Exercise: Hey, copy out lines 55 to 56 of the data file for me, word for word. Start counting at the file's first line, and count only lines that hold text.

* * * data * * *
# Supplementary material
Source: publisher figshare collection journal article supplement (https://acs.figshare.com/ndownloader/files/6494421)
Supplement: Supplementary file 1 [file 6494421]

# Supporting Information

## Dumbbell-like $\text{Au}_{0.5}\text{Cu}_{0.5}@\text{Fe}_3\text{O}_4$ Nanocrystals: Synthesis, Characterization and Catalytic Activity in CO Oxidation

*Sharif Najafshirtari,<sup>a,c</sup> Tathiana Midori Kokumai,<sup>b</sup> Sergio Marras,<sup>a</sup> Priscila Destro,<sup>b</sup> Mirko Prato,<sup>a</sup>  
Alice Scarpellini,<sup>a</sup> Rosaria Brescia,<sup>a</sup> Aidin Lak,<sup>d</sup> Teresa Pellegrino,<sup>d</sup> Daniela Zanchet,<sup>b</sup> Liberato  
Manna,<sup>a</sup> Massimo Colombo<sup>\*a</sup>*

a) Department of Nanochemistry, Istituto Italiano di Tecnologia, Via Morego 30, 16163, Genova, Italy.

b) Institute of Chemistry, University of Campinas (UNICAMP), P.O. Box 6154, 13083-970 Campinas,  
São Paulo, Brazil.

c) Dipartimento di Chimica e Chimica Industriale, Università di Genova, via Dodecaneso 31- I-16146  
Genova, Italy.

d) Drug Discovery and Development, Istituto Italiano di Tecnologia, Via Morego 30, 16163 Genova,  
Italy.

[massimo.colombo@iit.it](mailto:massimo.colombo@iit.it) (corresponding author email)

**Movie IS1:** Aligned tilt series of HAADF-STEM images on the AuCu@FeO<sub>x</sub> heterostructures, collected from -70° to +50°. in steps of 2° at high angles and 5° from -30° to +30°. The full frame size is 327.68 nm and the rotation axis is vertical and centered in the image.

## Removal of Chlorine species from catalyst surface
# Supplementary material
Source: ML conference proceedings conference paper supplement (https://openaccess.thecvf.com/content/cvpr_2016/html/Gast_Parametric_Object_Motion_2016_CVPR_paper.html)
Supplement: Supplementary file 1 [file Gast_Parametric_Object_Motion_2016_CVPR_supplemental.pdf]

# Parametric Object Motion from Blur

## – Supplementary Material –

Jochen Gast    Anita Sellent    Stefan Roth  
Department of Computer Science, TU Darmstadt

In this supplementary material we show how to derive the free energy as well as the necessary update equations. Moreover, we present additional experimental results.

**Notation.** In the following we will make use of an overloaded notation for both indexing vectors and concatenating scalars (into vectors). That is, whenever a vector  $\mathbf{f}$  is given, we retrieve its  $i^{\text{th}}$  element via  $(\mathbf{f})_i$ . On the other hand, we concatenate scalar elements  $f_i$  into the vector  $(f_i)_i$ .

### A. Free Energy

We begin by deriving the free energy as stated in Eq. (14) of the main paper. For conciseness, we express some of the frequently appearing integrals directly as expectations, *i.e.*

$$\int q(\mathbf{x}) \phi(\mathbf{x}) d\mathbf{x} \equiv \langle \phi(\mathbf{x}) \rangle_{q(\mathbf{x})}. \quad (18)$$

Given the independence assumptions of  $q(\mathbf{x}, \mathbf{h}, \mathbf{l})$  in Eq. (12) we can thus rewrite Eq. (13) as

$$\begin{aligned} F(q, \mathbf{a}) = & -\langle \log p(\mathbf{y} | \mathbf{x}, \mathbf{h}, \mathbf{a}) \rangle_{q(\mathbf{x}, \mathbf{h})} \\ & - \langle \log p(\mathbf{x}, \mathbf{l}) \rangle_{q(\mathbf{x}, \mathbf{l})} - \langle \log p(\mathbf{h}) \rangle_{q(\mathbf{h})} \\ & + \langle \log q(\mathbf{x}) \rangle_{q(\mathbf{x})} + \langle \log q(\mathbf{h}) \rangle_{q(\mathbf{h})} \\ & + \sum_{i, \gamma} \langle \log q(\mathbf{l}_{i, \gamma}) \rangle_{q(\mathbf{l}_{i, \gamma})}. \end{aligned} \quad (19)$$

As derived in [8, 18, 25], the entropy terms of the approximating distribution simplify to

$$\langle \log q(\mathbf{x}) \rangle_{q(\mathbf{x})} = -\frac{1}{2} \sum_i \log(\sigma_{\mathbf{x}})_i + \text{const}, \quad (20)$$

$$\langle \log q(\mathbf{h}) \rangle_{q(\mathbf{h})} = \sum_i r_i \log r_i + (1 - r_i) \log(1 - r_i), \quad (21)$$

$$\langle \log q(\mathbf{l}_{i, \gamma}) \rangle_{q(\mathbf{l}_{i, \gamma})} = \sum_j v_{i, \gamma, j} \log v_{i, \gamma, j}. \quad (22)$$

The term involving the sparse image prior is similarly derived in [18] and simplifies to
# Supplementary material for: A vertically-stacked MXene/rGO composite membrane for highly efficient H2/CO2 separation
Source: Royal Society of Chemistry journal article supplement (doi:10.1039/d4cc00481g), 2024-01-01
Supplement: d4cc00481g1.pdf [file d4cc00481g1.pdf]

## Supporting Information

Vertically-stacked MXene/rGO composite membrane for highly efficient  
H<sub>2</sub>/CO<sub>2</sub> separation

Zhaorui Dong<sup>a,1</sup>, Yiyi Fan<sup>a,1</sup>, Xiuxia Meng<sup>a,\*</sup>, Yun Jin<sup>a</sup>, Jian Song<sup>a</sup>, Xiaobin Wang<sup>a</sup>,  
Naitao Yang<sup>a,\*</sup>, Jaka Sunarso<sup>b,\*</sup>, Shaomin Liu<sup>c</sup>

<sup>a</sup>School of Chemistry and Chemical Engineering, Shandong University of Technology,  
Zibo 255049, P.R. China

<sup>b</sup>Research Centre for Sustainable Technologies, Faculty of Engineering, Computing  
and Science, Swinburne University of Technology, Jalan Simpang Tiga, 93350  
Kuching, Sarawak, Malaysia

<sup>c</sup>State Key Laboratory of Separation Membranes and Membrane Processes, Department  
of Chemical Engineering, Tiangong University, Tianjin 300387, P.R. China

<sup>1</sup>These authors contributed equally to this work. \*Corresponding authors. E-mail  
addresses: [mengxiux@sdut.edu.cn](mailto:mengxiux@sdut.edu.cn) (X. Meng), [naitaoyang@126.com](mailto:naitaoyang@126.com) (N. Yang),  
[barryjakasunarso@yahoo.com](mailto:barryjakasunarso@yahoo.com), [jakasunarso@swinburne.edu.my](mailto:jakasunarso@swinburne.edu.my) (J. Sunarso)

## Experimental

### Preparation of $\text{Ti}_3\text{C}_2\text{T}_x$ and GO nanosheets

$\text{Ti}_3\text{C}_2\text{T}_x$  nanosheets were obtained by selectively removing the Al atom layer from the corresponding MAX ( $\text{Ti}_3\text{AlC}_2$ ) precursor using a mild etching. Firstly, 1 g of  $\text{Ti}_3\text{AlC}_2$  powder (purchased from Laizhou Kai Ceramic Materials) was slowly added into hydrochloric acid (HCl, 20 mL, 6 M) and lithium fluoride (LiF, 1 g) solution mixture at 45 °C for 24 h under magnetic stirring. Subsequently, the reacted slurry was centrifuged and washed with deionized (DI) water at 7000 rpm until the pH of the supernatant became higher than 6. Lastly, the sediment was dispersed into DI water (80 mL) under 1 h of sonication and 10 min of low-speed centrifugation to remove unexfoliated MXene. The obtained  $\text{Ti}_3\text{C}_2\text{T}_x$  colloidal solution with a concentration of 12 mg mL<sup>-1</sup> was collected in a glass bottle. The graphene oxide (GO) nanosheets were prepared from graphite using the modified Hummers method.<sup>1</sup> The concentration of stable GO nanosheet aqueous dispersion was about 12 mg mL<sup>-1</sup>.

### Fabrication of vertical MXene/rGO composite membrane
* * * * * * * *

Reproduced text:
[barryjakasunarso@yahoo.com](mailto:barryjakasunarso@yahoo.com), [jakasunarso@swinburne.edu.my](mailto:jakasunarso@swinburne.edu.my) (J. Sunarso)

## Experimental